When former cross-country world champion Nino Schurter won the UCI World Cup opener in Pietermaritzburg on a 27.5er in March, it got more than just a few wheels turning.
What some consider the happy medium and others a meaningless compromise, proved itself on the testing Olympic course to put a new spin on the 26er versus 29er debate.
“In my opinion, it’s probably the best of both,” says Robbie Powell, product manager for Probike in Port Elizabeth, South Africa.
According to him, the 27.5er offers the agility and climbing ability of the 26er combined with the stability and power of the 29er on the flats. “It’s something that should have come a long time ago.”
Since its introduction in 2008, the 27.5 wheel (also known as the 650b) has kept a relatively low profile and is not yet widely available in SA.
Powell says it’s not a new concept and that the founding father of mountain biking, Tom Ritchey, first mooted the possibility when he built 10 prototype 29ers back in 1983.
“There was a debate about what would be best. The 650b option was also brought up but most of the guys settled on the 26-inch wheels for the cruiser bikes they used to ride; so things could have been very different.”
He says the 29er is now becoming the norm because “it really does ride better than a 26”, but the 27.5 provides a more comfortable option for shorter riders and better handling on the shorter cross-country courses.
“It’s really horses for courses. I personally think Nino would have done as well on a 26er as a 27.5er on that specific course because of the way he’s built.”
In terms of the local market, Powell believes the 27.5er will not challenge the 29er, as the larger size is ideally suited to the marathon racing that dominates the local off-road scene. “That’s why South Africa is the biggest consumer of 29-inch wheels in the world.”
He says what may happen over the next decade is that the 27.5er will replace the average, more affordable, 26ers that most fun riders are buying “just because of the convenience of it”.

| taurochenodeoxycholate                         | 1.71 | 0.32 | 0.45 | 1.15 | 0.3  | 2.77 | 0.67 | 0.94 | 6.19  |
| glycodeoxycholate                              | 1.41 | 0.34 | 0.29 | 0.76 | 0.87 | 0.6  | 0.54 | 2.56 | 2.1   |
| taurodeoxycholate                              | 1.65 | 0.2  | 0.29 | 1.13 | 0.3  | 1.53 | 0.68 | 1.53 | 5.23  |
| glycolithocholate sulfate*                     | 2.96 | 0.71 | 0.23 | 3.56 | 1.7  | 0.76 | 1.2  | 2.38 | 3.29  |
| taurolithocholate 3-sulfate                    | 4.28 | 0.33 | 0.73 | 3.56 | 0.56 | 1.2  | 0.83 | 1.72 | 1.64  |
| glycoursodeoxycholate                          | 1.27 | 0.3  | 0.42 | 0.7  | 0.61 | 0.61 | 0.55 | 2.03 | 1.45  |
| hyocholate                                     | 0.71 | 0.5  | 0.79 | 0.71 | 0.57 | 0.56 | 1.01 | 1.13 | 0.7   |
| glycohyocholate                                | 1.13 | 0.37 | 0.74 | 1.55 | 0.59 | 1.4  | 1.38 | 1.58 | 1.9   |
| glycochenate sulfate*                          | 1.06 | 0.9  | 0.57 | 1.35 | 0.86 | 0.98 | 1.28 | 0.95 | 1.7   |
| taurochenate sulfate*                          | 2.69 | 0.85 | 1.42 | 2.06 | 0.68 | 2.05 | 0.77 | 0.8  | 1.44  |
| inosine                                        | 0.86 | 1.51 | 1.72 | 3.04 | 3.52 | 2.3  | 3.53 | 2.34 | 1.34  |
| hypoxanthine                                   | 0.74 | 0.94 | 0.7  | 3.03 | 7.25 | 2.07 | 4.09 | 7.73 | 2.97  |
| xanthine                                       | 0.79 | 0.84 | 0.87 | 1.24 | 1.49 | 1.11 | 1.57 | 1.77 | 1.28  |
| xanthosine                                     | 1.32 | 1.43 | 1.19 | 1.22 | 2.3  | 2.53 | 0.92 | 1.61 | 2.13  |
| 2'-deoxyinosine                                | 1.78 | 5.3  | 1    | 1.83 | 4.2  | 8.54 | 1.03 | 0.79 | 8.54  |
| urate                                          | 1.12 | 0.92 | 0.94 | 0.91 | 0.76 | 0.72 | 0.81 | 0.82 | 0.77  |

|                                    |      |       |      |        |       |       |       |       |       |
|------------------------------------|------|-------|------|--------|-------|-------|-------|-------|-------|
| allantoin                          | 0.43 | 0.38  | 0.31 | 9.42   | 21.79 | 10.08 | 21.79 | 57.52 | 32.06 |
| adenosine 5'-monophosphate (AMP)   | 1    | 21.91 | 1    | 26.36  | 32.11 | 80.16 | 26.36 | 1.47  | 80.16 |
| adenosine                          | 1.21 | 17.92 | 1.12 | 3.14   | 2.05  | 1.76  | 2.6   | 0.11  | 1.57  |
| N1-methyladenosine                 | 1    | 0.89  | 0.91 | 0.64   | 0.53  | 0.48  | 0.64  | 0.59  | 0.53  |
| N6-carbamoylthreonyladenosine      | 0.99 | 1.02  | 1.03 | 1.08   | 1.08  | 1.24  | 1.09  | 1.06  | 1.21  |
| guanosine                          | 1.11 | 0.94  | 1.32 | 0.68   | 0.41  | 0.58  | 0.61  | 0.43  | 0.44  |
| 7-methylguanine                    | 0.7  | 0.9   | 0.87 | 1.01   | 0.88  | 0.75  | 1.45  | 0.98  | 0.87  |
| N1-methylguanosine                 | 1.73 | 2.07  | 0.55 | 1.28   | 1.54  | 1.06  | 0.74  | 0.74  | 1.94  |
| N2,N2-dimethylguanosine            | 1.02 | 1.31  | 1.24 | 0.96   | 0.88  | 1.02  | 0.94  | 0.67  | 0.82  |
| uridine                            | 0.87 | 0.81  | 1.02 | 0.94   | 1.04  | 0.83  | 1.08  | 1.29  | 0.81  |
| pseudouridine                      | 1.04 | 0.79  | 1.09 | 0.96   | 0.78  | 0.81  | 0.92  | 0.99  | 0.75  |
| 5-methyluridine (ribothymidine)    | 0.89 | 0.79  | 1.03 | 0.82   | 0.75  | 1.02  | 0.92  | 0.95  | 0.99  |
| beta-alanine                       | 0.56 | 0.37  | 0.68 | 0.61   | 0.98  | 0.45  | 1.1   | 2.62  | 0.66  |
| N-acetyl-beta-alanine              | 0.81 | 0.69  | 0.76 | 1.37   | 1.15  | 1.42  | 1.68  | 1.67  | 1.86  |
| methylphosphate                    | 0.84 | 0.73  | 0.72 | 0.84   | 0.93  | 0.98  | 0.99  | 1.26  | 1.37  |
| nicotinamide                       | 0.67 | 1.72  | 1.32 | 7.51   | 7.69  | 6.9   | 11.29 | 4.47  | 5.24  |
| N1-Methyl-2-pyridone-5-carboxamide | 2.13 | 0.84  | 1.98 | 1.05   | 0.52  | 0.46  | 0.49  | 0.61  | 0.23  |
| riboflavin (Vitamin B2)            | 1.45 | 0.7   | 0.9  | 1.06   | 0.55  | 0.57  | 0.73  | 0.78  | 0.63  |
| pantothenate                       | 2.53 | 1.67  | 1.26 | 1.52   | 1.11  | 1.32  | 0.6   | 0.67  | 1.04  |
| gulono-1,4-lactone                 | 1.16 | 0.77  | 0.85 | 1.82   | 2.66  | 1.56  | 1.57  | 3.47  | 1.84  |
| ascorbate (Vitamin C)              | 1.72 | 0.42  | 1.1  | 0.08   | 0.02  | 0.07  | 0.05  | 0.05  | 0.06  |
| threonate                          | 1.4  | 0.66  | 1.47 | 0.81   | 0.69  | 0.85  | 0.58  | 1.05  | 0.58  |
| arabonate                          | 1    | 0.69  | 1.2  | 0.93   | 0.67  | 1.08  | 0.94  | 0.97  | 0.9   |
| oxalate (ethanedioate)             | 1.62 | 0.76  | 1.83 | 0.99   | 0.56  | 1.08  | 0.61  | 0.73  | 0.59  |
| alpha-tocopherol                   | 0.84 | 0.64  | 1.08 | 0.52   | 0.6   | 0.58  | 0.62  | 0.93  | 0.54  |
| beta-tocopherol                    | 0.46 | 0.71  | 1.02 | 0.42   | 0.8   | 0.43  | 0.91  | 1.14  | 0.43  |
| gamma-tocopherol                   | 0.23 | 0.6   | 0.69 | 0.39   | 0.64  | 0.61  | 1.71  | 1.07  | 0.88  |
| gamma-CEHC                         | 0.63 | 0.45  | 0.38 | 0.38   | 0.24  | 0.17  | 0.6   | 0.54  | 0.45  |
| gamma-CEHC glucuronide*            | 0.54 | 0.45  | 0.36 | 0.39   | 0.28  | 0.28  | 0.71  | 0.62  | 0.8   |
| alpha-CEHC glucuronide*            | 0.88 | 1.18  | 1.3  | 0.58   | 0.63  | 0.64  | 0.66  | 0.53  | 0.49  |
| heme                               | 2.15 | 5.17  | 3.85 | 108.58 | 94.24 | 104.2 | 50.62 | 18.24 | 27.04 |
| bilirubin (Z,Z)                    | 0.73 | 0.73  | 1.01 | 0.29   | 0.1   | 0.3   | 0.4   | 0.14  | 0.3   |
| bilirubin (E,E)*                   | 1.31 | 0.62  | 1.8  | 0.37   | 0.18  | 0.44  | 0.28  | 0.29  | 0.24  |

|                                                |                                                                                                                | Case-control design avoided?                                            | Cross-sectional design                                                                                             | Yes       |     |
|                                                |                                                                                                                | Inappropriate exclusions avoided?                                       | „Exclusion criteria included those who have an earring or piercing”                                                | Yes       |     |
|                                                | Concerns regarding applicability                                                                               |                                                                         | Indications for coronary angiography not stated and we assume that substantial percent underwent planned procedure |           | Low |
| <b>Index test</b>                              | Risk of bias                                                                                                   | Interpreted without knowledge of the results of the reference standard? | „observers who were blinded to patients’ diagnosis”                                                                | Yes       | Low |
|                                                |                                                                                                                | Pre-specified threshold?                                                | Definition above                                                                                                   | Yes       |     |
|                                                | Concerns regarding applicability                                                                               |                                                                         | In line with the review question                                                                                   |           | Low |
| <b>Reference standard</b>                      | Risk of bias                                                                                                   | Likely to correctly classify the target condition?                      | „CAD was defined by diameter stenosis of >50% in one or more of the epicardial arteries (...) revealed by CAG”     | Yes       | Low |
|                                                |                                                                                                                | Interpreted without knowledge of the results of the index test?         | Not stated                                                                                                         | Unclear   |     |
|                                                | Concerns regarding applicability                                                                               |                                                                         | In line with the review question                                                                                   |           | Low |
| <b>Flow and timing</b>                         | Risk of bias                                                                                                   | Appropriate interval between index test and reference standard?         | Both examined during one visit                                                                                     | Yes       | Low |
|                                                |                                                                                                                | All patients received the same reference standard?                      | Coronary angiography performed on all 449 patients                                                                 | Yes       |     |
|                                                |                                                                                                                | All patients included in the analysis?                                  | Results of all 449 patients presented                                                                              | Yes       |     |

From a technical perspective, says Powell, although Schurter rode a hardtail version, the new size is best suited to long-travel, full suspension bikes as it allows the frame builder to increase the leverage or suspension travel without affecting the length of the chainstay.
“With a 26er, you can build a suspension bike with eight inches of travel without having to lengthen the chainstay too much. Once you put a 29-inch wheel on, you’re going to either compromise on chainstay or travel length.”
He says a longer swing arm creates a range of issues. “It doesn’t climb very well, so you can’t use it for a cross-country bike.
“For a downhill bike, it doesn’t descend very well because in tight, technical stuff it becomes very unwieldy due to its long wheelbase.
“So along comes a 27.5er and you can use the same design as for the 29er and get an extra 50mm of travel out of it without affecting all those points.”
Powell says there is no truth to the rumour that you can simply put the new size wheel on a 26-inch frame.
“With full suspension, the rear wheel is designed to come as close to the frame as possible when it compresses without actually touching it to get as much travel and have as short a chainstay as possible for better climbing and handling.”
He says a larger wheel would undermine that design. “If it was a hardtail and the wheel fitted perfectly, then you’d still have to raise the bottom bracket above that crucial 30cm mark and the bike would be horrible to ride.”
Powell, who represented SA at eight downhill racing world championships, says the Olympic Games in August will be a telling sign of what direction the manufacturers are headed.
From a sales and marketing perspective, he says they may be loath to challenge the market share of their own 29ers, which have been doing so well up to this point.
“By 2013, all major players will have a 27.5er available. In what guise, I’m not sure, but I know what we’re doing and I think it’ll be a surprise.
“It will be interesting to see what interpretation the market has on the 650b.”
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